A minute of silence fell over the city of Manchester on Tuesday as Britain mourned the 22 killed in a suicide bomb attack a year ago outside a teen pop concert. There were flower tributes, songs and a memorial service to honour the dead.
British Prime Minister Theresa May and Prince William joined families of the victims – seven of whom were under 18 – for the cathedral ceremony to remember the May 22 Manchester Arena attack during an Ariana Grande performance.
Salman Abedi, a British man of Libyan heritage, blew himself up in the foyer of the venue, in the northern English city, and an investigation continues into how the attack happened.
“In this service we come together as people of different faiths and none, and to remember with love before God those whose lives were lost and those whose lives have been changed forever,” said Manchester Cathedral dean Rogers Govender.
The service, attended by first responders, civic leaders and some of the scores injured in the bombing, led the minute of silence at 2.30pm local time, which was also marked at British government buildings nationwide.
Prince William and members of the Sikh, Jewish, Muslim and Humanist communities also made readings, and a youth choir sang Somewhere Over the Rainbow – the same song with which Grande closed the One Love Manchester benefit concert organised two weeks after the bombing.
“You who were hurt or bereaved 12 months ago today are forever part of Manchester, forever part of us,” said bishop of Manchester David Walker.
"The targeting of the young and innocent as they enjoyed a carefree night out ... was an act of sickening cowardice," Theresa May wrote in the Manchester Evening News.
“It was designed to strike at the heart of our values and our way of life in one of our most vibrant cities, with the aim of breaking our resolve and dividing us. It failed.”
Canadian pop star Justin Bieber replied to the newpaper’s front page on Twitter with a message of support reading: “We will never let go of hope. #OneLoveManchester”.
Ms Grande, who had just finished performing when the bomber struck, also shared a message of support for those affected.
“I love you with all of me and am sending you all of the light and warmth I have to offer on this challenging day,” she wrote.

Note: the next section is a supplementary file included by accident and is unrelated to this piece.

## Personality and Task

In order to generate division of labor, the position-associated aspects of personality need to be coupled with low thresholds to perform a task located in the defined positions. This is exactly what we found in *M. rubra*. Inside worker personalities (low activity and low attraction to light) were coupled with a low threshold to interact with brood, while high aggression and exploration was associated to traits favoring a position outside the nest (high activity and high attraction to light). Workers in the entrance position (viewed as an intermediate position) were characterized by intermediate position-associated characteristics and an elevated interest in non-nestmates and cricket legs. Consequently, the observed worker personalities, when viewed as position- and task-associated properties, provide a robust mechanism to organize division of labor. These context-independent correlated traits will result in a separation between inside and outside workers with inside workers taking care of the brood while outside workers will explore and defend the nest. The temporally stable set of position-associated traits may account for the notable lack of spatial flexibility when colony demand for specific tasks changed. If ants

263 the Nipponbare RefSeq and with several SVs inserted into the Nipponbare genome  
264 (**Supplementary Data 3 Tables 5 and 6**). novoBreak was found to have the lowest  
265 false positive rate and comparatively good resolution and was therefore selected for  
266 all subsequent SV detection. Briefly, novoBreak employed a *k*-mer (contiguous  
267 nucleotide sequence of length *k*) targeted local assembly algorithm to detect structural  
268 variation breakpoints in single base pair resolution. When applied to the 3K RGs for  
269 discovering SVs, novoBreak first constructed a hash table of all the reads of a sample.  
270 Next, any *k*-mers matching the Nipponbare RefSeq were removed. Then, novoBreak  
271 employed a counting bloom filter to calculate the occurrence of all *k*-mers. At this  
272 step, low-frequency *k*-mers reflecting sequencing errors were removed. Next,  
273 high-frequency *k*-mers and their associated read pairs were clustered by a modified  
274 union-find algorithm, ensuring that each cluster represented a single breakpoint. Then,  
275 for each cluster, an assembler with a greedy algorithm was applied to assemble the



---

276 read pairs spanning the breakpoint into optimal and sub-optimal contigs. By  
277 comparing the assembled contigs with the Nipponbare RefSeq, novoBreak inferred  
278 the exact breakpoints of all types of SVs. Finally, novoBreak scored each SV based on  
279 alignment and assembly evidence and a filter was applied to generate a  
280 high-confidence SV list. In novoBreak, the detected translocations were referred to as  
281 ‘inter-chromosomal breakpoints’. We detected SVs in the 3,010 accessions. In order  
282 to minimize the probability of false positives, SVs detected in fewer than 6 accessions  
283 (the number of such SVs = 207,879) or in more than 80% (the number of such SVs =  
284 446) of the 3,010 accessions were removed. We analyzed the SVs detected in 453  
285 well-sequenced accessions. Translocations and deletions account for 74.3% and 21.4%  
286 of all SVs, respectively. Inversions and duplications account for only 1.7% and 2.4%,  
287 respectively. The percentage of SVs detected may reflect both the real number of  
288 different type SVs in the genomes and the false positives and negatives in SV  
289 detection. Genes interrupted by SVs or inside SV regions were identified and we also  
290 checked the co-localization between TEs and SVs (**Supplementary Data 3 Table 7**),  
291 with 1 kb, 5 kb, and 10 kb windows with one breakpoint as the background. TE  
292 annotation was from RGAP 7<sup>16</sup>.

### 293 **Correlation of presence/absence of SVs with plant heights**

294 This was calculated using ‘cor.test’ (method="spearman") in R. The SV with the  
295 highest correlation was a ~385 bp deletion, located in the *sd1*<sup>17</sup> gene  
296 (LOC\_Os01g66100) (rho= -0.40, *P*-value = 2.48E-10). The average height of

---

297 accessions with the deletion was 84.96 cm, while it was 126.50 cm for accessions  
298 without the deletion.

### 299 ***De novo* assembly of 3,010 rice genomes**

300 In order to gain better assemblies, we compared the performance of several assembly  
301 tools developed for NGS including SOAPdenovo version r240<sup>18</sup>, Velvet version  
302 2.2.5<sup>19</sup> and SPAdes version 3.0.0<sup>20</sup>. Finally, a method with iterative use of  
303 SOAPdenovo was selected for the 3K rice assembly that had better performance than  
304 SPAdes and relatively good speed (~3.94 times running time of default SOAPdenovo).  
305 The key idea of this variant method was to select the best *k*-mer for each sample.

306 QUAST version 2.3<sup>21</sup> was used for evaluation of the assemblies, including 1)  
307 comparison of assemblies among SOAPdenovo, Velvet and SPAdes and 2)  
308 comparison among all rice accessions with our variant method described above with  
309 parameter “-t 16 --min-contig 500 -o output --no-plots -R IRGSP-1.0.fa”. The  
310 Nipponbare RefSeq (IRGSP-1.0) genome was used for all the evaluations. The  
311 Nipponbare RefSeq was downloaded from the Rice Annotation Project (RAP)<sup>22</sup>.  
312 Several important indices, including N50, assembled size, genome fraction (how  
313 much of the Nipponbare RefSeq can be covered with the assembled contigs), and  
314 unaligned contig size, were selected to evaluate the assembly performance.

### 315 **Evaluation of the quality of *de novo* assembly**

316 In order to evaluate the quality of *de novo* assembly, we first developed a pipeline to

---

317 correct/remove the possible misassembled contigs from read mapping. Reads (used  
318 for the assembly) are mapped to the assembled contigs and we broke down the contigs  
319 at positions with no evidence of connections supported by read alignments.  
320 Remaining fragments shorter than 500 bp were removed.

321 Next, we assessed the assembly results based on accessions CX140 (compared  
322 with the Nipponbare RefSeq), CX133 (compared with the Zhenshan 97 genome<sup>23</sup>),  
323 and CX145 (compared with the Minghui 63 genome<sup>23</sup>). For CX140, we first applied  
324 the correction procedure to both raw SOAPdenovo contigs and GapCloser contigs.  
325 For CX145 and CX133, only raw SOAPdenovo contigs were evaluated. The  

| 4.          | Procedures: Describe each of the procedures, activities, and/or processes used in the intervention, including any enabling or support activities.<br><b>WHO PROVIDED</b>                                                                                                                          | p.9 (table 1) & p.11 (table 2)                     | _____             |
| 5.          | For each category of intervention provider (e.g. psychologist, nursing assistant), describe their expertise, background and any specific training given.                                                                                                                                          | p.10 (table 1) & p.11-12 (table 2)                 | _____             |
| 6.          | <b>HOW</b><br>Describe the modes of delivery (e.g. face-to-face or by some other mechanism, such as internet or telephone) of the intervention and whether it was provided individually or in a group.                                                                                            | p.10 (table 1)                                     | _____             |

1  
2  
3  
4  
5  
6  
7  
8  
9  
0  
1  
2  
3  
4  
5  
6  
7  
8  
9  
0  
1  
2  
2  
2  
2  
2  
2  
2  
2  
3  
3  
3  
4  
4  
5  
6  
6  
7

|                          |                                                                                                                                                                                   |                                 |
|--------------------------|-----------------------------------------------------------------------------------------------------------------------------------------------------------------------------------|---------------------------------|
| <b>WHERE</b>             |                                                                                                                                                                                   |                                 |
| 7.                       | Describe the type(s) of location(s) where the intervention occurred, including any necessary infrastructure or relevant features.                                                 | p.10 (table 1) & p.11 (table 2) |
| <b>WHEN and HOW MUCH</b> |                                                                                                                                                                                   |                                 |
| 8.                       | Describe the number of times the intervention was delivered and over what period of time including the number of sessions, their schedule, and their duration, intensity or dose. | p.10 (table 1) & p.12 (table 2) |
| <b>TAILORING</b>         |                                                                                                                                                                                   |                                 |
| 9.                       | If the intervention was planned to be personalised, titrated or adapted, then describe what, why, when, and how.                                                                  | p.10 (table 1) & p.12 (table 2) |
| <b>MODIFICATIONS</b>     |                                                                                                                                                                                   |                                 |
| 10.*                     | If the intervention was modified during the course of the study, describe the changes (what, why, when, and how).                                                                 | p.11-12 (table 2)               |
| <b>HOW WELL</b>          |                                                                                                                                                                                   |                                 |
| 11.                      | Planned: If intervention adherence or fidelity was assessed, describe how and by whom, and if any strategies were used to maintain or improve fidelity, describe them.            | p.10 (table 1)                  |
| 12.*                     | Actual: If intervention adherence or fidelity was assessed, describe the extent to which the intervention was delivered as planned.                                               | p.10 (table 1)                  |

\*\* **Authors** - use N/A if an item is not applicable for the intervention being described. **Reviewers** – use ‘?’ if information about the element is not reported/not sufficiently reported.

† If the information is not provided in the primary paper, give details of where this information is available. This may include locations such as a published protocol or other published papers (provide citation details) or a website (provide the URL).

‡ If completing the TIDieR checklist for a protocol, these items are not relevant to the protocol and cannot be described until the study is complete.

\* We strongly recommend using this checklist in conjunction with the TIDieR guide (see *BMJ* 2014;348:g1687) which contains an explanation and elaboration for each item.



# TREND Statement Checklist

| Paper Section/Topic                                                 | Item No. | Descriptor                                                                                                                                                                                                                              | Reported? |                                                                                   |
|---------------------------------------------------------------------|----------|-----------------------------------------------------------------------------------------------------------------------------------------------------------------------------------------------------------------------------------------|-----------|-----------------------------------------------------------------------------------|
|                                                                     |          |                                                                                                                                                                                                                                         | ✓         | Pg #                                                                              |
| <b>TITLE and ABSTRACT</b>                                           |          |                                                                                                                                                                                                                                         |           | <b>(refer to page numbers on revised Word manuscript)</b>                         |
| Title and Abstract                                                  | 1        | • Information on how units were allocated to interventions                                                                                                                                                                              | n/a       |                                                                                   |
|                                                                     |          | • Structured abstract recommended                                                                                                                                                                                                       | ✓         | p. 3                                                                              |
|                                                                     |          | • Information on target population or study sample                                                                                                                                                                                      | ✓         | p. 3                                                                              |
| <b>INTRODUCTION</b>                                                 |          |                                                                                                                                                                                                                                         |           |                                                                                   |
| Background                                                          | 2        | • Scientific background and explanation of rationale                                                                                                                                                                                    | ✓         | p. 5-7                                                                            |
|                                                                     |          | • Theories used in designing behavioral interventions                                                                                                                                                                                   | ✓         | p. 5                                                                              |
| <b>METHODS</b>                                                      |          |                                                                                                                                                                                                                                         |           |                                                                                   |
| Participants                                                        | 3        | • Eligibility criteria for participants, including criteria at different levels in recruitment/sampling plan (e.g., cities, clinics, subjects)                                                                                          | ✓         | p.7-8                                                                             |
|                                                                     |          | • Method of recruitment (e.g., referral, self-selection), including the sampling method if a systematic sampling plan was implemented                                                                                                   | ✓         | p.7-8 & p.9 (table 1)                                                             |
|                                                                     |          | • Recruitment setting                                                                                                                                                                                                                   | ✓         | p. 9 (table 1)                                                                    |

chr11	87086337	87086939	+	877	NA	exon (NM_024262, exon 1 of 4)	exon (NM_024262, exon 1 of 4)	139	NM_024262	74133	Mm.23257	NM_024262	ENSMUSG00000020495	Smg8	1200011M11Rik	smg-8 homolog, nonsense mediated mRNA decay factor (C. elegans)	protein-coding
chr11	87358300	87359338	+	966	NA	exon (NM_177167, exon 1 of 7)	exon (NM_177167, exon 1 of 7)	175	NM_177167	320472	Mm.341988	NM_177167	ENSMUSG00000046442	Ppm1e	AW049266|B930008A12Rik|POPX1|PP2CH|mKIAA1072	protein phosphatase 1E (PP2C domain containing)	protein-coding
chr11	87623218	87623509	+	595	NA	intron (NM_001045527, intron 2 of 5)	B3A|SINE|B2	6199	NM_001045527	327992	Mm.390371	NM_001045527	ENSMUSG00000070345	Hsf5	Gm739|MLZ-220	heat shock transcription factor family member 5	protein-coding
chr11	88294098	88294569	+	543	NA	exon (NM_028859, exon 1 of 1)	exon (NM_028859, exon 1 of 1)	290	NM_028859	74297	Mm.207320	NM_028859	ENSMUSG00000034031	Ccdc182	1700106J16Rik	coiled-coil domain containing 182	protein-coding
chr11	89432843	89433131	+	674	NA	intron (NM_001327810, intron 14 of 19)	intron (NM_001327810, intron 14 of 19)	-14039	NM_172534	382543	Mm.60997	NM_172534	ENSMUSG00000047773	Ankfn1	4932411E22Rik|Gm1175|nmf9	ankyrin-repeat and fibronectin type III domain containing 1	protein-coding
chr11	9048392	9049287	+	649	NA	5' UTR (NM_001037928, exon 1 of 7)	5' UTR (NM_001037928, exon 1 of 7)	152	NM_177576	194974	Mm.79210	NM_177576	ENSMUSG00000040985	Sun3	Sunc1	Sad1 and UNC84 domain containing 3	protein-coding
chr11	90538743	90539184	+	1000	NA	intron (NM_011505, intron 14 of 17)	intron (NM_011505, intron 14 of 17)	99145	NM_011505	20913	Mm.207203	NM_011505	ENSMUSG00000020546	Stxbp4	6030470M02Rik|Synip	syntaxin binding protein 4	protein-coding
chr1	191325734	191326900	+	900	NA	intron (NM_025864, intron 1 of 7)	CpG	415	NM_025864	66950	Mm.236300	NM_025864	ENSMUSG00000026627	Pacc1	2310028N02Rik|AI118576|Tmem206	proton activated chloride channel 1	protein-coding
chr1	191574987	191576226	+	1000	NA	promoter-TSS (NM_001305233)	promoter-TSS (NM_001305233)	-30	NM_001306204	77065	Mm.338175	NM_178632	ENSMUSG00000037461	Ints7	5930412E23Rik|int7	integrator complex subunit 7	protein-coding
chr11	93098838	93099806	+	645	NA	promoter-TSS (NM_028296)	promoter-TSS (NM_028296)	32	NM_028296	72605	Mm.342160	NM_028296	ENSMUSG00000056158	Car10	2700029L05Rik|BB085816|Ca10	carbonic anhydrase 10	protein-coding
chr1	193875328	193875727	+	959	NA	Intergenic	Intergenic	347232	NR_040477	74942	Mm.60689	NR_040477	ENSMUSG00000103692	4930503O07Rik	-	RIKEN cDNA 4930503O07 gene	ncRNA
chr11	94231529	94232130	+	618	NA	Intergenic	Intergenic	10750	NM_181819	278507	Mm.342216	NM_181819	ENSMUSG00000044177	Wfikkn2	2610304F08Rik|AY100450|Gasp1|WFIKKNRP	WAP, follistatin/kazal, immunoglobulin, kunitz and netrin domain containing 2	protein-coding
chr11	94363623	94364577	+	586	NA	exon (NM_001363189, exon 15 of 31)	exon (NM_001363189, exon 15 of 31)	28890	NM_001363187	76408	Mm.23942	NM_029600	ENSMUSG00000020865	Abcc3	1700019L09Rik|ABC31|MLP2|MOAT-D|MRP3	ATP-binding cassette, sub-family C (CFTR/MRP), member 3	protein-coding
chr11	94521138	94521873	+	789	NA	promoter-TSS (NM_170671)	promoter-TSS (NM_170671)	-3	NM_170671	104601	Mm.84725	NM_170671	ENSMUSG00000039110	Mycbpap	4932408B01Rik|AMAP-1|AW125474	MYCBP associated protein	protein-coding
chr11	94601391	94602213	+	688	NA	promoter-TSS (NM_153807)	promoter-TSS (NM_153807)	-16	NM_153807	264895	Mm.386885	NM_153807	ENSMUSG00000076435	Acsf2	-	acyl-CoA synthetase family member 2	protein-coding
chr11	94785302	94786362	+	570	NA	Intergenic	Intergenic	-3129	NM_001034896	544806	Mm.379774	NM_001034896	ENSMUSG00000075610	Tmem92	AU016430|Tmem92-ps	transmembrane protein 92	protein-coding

Manchester United and England striker Marcus Rashford paid tribute to his home city, writing on the club’s website about the “unimaginable” attack.
“Nobody will ever forget what happened but the way Manchester pulled together shows you everything you need to know about the people here. Seeing how everyone reacted made me so proud to be a Mancunian.”
United went on to win the Europa League final against Ajax on May 24, dedicating the victory to the victims of the bombing. Mr Rashford and teammate Jesse Lingard visited survivors of the attack shortly afterwards.
Manchester Storm ice hockey team also announced on Tuesday they are retiring their number 22 jersey in honour of the victims.
“Since taking over the club we’ve wanted to do something to honour those affected by the attack,” said managing director Jamie Tunstall.
Tuesday’s remembrance service was also shown on a big screen in nearby Cathedral Gardens, as well as at churches in York, Liverpool and Glasgow.
Later on, thousands of people – many of them youngsters – gathered in the city centre for a Manchester Together concert, with performances from local youth choirs, poetry and recorded messages of support from celebrities, including former Manchester United star Ryan Giggs.
“All our thoughts today are with those who lost their loved ones and best friends,” said Lord Mayor June Hitchen before the performances began, also paying tribute those who suffered psychological trauma and to the emergency services which responded to the bombing – to massive applause from the crowd.
Andy Burnham, mayor of Greater Manchester, told BBC Radio that all those impacted would be “at the very forefront of our minds” during the day.
“We’re stronger than we were, we’re more together and there is a more palpable sense of community spirit, but underneath, the scars are very real and they’re very deep,” he said.
“We’re a city in recovery and we’ve still got a long way to go.”